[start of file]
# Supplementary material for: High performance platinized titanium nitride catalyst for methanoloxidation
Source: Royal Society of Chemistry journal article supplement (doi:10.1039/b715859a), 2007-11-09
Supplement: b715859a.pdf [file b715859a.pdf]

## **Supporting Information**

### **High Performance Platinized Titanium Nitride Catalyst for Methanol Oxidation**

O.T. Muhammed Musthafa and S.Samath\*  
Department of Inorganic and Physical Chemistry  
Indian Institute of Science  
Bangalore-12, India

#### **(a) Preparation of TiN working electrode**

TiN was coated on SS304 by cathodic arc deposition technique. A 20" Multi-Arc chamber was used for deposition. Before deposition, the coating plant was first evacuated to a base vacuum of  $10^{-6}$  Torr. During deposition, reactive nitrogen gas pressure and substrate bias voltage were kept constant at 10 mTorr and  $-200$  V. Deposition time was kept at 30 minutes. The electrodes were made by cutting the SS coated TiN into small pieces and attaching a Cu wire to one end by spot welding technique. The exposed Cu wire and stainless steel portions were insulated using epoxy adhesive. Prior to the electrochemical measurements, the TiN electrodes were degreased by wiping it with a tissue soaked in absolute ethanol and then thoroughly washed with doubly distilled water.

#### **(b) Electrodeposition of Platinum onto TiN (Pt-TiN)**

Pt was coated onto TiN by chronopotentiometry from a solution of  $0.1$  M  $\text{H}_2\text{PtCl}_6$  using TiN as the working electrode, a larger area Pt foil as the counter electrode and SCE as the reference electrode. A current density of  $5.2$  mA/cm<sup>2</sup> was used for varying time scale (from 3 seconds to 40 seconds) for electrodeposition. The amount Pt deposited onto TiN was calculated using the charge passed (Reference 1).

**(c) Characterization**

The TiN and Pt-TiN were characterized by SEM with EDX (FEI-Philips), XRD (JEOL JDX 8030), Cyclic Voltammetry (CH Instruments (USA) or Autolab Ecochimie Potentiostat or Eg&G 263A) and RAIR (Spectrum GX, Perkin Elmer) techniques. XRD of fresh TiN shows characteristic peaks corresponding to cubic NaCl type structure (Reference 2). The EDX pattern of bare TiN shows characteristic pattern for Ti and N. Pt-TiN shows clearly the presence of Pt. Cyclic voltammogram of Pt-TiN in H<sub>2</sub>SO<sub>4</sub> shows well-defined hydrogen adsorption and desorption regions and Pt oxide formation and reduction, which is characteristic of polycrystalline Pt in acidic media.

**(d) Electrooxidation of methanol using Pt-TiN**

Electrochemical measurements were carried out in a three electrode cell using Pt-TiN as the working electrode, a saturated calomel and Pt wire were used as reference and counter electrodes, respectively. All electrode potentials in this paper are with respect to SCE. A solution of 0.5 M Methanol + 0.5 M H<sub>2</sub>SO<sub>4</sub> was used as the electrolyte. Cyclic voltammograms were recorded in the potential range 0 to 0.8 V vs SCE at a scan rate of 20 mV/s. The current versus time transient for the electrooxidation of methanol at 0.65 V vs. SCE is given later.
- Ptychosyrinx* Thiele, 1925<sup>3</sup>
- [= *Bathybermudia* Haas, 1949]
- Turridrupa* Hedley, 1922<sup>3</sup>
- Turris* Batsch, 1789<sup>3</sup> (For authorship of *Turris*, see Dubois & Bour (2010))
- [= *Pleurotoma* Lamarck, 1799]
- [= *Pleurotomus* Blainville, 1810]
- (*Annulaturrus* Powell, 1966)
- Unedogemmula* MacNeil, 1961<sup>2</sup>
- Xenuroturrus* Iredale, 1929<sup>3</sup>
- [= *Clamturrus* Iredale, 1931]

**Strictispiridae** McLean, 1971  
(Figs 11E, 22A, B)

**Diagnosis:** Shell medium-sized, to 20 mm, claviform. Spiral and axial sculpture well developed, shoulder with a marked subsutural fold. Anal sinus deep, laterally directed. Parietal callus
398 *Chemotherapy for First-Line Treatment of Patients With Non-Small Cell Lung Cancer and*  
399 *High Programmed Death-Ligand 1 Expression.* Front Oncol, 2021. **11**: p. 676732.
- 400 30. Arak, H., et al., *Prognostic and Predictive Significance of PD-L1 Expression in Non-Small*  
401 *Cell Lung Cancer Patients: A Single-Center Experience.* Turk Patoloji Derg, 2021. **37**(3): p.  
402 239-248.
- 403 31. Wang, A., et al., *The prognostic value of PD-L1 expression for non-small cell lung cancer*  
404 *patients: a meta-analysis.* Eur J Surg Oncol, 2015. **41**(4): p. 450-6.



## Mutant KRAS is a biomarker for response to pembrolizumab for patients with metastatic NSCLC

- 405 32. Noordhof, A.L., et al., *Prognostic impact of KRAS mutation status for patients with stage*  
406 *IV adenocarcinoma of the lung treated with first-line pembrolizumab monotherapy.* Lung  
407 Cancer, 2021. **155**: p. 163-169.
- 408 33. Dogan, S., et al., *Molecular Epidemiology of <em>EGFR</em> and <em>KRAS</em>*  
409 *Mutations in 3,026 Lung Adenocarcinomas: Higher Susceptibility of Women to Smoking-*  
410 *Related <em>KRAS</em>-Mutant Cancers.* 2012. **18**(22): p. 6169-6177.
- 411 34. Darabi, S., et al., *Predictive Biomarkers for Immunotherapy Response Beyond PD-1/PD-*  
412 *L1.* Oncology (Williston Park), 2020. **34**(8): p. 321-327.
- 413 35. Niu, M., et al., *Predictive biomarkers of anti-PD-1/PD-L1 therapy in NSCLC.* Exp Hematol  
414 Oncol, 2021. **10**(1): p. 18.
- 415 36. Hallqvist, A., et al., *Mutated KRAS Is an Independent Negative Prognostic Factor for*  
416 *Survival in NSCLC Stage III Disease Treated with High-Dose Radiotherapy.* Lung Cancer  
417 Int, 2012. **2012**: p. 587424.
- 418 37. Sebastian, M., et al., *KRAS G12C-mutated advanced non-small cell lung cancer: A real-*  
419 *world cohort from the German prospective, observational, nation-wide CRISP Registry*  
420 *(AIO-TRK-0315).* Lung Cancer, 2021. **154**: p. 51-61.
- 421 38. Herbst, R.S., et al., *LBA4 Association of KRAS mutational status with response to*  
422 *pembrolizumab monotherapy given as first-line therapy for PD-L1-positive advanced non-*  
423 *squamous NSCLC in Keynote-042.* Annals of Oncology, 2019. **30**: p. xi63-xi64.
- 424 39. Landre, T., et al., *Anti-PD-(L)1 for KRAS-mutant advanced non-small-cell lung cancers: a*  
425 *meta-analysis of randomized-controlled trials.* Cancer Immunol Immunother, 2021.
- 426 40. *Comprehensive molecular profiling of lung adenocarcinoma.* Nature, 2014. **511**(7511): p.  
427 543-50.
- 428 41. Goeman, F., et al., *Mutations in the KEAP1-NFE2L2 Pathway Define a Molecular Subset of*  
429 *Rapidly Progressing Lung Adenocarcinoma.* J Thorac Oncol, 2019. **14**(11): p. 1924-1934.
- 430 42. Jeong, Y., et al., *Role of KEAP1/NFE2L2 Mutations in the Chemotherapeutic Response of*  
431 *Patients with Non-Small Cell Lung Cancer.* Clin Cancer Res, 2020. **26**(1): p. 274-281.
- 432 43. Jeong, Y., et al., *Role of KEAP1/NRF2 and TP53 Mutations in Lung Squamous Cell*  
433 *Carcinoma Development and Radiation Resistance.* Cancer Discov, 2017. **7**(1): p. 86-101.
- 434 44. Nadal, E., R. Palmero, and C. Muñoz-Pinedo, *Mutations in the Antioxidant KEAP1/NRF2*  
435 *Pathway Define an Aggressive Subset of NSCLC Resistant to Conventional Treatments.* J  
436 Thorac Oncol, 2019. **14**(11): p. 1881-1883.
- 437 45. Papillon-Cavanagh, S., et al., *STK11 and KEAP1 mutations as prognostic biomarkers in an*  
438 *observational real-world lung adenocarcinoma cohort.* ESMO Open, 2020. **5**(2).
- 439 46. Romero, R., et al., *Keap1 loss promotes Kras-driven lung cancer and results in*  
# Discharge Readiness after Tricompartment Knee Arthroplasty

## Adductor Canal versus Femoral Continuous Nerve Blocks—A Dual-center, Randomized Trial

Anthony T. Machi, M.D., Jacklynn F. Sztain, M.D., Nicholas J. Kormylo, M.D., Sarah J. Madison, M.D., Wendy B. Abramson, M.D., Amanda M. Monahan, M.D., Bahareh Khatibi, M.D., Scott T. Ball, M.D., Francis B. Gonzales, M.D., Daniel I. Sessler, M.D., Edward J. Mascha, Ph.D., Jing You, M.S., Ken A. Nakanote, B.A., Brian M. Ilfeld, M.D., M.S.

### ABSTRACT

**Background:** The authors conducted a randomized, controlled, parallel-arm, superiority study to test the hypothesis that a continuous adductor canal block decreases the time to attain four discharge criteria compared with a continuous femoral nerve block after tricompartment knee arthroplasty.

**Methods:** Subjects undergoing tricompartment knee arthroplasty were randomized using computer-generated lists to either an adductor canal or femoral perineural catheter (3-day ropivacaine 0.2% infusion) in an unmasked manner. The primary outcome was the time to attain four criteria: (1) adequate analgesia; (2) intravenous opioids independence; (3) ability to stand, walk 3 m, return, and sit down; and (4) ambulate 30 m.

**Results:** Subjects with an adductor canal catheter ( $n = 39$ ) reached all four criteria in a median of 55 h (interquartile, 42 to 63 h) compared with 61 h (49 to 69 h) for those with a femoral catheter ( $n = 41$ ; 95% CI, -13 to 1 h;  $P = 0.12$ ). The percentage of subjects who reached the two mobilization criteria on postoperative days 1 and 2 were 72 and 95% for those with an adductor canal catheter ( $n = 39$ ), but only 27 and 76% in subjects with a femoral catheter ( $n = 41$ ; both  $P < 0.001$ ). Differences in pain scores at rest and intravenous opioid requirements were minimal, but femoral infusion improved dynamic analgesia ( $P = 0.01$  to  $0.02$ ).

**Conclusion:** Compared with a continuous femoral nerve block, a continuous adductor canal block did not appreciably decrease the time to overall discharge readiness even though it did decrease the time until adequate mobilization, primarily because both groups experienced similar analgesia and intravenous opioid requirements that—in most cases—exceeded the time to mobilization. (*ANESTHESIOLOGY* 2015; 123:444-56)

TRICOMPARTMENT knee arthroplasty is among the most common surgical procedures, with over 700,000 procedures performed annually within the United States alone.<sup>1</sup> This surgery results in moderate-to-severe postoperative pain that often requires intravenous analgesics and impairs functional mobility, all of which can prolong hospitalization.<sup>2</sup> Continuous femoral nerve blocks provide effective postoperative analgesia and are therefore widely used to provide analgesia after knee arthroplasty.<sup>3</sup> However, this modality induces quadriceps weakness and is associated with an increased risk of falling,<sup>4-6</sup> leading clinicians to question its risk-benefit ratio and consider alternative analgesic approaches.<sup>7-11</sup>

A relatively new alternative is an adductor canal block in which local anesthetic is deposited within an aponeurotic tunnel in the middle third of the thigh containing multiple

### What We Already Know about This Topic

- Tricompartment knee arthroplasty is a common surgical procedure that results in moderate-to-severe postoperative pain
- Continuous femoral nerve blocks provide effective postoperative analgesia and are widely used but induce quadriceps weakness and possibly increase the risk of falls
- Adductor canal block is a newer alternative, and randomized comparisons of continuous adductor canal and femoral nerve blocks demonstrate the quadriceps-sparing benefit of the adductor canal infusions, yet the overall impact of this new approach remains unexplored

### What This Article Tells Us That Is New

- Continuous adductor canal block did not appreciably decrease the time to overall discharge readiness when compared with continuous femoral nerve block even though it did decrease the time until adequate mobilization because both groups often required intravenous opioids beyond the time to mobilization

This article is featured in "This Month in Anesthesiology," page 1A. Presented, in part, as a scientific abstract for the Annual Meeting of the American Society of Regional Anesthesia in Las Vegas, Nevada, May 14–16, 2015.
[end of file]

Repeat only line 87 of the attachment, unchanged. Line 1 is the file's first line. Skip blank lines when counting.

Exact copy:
- Adductor canal block is a newer alternative, and randomized comparisons of continuous adductor canal and femoral nerve blocks demonstrate the quadriceps-sparing benefit of the adductor canal infusions, yet the overall impact of this new approach remains unexplored